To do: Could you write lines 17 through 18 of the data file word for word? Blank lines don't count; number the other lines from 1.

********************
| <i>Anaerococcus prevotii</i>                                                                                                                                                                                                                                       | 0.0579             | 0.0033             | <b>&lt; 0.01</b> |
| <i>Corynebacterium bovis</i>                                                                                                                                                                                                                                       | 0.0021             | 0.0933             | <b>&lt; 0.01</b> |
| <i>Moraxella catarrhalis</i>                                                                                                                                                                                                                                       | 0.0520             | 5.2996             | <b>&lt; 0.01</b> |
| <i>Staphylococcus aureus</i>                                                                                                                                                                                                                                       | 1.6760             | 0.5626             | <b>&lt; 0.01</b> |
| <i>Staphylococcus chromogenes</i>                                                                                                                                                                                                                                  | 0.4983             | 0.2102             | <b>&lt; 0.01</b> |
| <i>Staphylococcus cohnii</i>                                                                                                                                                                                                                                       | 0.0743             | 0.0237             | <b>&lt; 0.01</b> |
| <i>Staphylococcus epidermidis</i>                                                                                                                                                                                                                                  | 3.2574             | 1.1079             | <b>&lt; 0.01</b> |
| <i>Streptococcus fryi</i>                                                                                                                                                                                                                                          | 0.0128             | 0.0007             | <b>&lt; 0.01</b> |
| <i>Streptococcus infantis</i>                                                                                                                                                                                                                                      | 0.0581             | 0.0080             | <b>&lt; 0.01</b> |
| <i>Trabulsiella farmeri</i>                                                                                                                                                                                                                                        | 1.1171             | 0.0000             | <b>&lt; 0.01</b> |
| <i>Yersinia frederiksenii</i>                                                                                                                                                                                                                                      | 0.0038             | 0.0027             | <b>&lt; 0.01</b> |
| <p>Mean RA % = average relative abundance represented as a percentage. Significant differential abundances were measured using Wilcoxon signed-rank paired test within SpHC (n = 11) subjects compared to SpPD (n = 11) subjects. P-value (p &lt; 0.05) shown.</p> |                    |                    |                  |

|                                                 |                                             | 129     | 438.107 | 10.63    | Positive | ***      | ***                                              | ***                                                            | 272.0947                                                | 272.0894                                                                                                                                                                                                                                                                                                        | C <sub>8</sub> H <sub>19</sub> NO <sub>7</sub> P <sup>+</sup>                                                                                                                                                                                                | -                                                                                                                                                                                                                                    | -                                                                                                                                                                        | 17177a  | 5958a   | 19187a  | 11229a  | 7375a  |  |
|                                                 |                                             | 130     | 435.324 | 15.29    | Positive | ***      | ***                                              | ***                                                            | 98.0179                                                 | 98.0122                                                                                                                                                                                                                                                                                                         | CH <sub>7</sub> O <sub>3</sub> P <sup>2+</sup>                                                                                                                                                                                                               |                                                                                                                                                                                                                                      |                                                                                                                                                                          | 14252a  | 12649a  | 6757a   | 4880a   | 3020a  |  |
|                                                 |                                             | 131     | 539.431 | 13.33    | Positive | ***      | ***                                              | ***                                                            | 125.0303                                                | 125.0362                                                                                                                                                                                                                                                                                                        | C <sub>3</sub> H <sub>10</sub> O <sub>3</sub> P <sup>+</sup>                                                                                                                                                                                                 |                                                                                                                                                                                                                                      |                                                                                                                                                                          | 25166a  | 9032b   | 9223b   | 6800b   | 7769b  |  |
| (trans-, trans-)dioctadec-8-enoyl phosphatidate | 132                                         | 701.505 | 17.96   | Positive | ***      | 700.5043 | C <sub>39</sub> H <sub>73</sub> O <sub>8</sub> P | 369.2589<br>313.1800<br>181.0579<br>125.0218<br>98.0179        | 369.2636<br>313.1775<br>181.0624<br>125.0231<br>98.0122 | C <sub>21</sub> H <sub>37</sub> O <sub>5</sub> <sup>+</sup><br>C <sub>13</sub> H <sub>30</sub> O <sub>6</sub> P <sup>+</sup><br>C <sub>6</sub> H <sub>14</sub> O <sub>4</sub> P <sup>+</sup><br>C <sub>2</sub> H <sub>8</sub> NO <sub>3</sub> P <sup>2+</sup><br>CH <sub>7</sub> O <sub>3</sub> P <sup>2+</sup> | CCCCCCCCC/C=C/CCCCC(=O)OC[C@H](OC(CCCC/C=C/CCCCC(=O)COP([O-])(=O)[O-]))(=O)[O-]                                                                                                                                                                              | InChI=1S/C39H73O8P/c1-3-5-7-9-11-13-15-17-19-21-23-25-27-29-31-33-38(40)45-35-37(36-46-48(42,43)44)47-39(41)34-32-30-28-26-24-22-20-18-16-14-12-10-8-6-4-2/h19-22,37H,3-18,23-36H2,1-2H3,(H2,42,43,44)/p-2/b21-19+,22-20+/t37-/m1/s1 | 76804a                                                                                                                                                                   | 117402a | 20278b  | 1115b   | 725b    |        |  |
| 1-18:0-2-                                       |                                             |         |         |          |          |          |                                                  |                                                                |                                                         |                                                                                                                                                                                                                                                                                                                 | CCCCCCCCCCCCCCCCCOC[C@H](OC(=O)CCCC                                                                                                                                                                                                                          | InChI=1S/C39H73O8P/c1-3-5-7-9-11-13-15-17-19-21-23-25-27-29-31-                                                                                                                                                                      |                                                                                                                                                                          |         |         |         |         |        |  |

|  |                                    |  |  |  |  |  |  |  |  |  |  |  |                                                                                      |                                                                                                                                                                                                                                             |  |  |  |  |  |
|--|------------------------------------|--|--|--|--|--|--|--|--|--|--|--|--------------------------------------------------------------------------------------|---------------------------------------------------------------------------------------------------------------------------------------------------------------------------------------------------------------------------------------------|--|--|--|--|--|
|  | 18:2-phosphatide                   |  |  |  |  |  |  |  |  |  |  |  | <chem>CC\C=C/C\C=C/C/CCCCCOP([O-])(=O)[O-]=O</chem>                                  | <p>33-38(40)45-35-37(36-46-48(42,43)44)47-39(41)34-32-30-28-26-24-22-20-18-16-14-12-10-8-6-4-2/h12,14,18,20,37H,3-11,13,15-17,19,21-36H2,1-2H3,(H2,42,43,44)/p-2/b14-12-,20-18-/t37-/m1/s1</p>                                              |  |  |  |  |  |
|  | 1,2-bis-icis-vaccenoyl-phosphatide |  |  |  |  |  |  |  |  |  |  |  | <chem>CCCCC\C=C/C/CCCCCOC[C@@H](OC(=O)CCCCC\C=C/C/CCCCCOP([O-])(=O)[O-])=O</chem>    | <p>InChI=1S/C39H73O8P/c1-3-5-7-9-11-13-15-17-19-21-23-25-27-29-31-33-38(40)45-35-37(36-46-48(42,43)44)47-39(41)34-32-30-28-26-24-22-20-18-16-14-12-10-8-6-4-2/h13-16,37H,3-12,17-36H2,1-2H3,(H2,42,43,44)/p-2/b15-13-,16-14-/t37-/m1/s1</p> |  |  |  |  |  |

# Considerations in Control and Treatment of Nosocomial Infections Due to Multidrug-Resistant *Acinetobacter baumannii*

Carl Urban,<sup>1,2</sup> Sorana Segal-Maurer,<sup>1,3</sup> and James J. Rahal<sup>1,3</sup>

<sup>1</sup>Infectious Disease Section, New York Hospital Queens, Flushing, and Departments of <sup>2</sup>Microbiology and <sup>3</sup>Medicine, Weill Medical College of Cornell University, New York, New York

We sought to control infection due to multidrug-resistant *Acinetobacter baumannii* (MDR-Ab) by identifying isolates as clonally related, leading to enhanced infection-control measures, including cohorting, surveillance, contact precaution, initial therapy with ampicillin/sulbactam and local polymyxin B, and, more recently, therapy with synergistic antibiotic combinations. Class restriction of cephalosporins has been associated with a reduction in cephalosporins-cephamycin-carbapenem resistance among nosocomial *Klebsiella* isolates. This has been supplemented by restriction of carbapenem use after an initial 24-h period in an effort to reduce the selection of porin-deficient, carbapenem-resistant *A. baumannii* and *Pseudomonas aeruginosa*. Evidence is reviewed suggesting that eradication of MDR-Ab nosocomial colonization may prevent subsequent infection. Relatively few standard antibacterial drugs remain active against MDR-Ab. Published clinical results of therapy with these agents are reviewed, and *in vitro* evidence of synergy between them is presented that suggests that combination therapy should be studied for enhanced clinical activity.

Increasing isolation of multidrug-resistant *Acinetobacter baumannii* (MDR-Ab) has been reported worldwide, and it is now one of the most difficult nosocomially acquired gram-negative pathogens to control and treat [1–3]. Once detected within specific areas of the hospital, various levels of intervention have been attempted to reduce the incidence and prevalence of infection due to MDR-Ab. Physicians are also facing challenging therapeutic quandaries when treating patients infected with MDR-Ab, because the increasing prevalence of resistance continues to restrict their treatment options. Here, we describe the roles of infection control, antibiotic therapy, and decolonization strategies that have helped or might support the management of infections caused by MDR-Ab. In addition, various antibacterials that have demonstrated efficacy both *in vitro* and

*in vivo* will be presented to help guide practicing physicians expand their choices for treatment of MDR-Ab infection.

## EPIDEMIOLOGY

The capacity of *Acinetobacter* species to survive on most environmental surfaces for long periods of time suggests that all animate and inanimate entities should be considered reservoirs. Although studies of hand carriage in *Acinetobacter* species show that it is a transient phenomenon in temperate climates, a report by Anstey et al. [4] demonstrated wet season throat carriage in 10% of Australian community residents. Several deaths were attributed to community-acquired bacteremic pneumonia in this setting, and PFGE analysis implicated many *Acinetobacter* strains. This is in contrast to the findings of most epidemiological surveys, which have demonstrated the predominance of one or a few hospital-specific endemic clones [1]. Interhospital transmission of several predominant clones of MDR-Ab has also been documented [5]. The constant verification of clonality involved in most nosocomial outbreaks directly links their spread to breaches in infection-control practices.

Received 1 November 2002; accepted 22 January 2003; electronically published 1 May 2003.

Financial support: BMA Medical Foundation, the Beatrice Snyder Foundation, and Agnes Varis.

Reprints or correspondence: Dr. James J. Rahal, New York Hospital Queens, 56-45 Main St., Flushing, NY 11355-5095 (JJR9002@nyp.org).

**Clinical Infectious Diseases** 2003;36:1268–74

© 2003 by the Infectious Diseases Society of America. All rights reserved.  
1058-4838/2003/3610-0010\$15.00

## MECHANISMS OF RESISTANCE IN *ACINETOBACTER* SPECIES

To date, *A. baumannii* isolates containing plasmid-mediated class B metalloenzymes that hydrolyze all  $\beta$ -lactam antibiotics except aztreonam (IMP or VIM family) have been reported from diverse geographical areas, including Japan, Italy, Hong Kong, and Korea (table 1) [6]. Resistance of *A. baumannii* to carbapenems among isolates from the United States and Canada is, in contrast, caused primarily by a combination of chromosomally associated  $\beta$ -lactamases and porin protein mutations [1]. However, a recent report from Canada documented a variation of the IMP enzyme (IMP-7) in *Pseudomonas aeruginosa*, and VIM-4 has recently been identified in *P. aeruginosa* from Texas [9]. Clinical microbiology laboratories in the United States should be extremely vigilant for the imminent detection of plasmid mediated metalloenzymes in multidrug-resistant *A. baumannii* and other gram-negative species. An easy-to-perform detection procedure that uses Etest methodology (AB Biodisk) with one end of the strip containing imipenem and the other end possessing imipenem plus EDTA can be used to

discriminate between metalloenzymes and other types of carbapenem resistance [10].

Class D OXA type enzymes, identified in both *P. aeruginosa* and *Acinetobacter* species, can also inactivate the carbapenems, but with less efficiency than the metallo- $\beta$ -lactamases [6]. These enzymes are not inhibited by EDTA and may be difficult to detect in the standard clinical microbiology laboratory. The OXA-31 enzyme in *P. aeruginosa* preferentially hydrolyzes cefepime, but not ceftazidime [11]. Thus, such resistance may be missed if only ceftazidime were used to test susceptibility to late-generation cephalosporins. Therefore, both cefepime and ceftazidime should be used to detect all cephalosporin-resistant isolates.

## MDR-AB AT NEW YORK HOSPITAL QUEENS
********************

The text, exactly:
| 1-18:0-2-                                       |                                             |         |         |          |          |          |                                                  |                                                                |                                                         |                                                                                                                                                                                                                                                                                                                 | CCCCCCCCCCCCCCCCCOC[C@H](OC(=O)CCCC                                                                                                                                                                                                                          | InChI=1S/C39H73O8P/c1-3-5-7-9-11-13-15-17-19-21-23-25-27-29-31-                                                                                                                                                                      |                                                                                                                                                                          |         |         |         |         |        |  |

|  |                                    |  |  |  |  |  |  |  |  |  |  |  |                                                                                      |                                                                                                                                                                                                                                             |  |  |  |  |  |